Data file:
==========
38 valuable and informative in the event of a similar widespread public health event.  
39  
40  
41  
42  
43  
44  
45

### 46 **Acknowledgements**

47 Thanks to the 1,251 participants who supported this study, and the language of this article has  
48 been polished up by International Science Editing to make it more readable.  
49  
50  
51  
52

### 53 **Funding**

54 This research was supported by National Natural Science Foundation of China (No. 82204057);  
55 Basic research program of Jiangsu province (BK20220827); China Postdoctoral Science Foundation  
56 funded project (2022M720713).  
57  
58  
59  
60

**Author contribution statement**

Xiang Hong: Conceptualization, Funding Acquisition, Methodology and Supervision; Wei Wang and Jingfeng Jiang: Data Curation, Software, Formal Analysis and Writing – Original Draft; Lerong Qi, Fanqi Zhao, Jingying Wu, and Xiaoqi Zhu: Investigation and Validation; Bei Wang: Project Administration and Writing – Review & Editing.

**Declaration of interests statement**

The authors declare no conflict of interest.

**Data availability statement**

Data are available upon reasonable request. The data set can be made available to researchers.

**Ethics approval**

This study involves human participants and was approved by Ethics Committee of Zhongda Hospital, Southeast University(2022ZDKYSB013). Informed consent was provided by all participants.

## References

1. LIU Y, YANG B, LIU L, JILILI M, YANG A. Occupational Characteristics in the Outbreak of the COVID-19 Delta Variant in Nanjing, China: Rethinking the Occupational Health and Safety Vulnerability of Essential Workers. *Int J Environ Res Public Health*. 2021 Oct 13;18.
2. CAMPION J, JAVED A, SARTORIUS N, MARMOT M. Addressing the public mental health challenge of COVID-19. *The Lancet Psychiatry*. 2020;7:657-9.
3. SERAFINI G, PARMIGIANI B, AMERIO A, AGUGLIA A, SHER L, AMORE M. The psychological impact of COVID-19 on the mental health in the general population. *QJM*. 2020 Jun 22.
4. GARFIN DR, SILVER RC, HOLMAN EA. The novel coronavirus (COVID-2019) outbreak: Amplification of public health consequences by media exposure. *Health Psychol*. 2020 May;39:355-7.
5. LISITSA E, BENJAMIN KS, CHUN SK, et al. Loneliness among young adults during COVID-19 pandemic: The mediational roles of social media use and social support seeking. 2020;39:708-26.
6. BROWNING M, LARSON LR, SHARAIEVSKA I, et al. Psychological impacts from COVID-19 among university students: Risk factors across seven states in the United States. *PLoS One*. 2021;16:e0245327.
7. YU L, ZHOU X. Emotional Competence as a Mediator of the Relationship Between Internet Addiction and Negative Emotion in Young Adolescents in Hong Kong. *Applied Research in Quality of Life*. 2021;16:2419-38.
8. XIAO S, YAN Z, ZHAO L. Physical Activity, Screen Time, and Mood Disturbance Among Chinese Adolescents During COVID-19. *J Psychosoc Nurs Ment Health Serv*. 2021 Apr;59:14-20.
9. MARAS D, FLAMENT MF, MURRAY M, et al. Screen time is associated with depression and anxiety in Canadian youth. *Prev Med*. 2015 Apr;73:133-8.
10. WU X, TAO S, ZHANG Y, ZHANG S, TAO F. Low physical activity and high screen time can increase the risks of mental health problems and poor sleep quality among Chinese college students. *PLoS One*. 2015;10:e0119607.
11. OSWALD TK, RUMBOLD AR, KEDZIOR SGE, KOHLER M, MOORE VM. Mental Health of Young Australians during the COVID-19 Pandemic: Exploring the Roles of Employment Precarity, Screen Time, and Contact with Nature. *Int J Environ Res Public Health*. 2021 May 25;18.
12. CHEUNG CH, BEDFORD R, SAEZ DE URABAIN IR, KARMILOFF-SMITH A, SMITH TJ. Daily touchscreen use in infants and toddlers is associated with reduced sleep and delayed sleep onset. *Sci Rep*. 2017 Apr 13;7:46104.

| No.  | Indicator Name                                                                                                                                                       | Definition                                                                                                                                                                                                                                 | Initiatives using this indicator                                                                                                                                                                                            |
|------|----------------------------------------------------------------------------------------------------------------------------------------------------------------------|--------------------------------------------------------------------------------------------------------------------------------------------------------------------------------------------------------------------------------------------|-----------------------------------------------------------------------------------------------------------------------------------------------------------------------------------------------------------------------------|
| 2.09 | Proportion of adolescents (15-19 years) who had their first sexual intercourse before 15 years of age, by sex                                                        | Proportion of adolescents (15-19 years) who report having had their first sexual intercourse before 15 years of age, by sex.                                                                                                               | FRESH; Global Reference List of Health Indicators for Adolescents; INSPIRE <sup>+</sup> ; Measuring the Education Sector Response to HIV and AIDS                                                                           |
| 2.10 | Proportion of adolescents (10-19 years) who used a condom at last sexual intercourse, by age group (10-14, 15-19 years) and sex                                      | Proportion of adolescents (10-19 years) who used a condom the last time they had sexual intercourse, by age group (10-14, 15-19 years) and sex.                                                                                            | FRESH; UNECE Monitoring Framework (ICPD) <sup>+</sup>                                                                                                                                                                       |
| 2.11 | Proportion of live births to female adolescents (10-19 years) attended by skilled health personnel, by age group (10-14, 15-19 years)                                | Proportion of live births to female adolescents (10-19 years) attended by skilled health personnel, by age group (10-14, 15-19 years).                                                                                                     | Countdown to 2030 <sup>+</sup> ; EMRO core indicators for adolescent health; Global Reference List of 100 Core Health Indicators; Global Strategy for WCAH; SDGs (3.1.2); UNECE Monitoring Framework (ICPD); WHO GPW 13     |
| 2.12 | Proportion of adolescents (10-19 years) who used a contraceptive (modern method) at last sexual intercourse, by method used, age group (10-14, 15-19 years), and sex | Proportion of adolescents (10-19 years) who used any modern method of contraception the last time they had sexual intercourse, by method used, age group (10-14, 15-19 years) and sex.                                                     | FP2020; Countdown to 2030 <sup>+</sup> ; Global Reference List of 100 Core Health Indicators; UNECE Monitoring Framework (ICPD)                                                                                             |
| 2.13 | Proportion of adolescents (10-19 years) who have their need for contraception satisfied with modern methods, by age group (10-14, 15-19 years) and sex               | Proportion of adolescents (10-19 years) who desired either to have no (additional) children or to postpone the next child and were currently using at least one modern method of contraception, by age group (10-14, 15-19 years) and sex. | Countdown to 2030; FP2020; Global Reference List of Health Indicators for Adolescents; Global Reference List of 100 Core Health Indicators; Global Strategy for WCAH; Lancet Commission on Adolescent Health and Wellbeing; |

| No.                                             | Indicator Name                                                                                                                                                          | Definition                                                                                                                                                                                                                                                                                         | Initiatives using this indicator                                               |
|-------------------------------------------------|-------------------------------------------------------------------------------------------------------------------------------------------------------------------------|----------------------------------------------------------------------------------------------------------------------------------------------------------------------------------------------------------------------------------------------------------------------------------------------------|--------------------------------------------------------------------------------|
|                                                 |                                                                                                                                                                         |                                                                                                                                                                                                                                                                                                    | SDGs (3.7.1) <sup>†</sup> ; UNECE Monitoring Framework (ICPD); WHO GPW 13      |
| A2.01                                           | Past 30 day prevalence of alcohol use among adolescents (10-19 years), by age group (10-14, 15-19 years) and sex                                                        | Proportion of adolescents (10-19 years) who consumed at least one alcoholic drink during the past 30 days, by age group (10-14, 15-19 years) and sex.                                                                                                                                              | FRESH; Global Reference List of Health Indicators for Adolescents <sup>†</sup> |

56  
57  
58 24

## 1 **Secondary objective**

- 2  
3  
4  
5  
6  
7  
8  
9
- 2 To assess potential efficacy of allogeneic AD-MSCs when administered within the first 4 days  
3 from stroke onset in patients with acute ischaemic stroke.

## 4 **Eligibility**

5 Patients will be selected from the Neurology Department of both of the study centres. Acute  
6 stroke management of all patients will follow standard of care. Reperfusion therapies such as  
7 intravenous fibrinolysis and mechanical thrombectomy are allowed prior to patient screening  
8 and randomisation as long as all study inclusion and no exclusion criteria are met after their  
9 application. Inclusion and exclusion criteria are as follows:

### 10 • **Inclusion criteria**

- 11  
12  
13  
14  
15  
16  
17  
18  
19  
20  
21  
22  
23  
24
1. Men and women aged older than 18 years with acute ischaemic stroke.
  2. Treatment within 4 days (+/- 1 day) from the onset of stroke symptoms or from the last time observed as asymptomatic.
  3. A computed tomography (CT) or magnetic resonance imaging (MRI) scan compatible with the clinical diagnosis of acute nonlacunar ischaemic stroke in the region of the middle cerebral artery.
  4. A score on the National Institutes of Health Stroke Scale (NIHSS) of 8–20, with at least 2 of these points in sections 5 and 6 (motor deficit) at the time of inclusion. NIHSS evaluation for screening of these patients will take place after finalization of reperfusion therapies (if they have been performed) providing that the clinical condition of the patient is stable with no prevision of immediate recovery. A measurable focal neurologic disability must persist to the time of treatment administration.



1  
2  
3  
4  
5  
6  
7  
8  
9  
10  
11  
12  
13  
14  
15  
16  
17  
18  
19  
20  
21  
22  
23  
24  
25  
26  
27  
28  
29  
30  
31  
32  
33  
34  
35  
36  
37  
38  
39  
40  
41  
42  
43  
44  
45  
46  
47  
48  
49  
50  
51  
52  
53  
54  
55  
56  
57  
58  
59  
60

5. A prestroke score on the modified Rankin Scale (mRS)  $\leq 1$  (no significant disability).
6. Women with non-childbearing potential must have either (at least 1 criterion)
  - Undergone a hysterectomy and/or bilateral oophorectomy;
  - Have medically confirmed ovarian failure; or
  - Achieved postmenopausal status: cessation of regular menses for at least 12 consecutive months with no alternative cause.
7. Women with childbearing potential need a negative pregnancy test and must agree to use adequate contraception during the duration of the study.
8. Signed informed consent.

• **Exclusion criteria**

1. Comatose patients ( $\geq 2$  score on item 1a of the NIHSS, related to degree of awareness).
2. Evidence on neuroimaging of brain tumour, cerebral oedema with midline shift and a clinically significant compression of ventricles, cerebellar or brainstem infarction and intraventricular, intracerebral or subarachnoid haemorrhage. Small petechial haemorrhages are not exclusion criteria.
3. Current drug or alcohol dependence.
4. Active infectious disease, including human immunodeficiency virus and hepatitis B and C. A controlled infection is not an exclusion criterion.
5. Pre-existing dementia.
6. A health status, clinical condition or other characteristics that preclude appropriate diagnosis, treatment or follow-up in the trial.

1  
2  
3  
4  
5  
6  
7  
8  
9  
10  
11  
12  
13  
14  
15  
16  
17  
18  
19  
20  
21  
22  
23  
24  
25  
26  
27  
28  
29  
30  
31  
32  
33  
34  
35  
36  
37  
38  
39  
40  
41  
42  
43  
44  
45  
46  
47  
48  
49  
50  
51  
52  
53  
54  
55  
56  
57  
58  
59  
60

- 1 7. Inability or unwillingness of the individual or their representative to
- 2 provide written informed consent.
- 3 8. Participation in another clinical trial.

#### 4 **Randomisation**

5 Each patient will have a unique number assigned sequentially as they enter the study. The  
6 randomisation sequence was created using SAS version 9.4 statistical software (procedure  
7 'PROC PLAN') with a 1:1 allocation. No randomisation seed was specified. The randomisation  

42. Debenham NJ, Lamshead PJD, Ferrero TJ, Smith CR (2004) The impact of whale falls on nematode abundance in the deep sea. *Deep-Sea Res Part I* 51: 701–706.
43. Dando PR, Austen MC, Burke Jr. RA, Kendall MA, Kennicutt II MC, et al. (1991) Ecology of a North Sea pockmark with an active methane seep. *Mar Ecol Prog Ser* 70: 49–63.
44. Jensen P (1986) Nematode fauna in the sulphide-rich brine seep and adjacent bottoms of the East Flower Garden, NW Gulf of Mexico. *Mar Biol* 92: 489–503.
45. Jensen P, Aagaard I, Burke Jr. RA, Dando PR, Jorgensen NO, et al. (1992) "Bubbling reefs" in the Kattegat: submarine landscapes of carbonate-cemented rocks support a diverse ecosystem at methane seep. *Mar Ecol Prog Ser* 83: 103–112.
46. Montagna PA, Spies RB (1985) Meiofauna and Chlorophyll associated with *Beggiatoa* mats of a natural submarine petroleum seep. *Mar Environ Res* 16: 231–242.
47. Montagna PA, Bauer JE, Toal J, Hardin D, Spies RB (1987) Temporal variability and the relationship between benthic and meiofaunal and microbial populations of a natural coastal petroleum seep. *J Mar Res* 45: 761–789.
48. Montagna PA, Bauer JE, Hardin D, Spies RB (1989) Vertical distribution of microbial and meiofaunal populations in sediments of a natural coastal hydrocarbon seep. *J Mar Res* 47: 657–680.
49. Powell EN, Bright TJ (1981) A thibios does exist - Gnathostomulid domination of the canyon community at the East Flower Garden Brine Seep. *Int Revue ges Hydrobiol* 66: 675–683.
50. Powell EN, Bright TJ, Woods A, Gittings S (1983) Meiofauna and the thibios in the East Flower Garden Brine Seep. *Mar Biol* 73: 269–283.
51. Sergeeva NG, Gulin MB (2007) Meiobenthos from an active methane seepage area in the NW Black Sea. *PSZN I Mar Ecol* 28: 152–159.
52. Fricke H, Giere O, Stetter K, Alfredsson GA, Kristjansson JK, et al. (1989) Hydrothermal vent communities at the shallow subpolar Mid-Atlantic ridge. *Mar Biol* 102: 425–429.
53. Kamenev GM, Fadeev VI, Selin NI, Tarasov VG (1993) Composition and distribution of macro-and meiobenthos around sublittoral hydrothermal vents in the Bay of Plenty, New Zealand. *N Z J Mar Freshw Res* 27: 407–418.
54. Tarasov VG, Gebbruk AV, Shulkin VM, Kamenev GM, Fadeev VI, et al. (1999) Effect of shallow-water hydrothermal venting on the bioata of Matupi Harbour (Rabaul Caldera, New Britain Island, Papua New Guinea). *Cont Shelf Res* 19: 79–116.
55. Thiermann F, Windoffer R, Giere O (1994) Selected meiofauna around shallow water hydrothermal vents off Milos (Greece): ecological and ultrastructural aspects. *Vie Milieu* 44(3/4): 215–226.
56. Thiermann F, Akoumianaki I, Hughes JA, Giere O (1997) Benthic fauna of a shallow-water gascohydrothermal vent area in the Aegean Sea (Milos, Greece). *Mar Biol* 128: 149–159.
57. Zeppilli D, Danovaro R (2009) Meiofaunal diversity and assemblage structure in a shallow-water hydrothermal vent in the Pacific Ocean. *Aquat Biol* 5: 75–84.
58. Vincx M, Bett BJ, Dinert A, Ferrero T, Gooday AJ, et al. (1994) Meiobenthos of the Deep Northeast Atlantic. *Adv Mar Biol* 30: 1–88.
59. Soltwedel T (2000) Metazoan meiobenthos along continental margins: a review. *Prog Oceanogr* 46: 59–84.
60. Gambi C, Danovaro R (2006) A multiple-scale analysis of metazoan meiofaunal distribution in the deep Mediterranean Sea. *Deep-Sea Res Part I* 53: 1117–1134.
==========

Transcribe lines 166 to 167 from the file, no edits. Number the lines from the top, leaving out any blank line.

4. Active infectious disease, including human immunodeficiency virus and hepatitis B and C. A controlled infection is not an exclusion criterion.
5. Pre-existing dementia.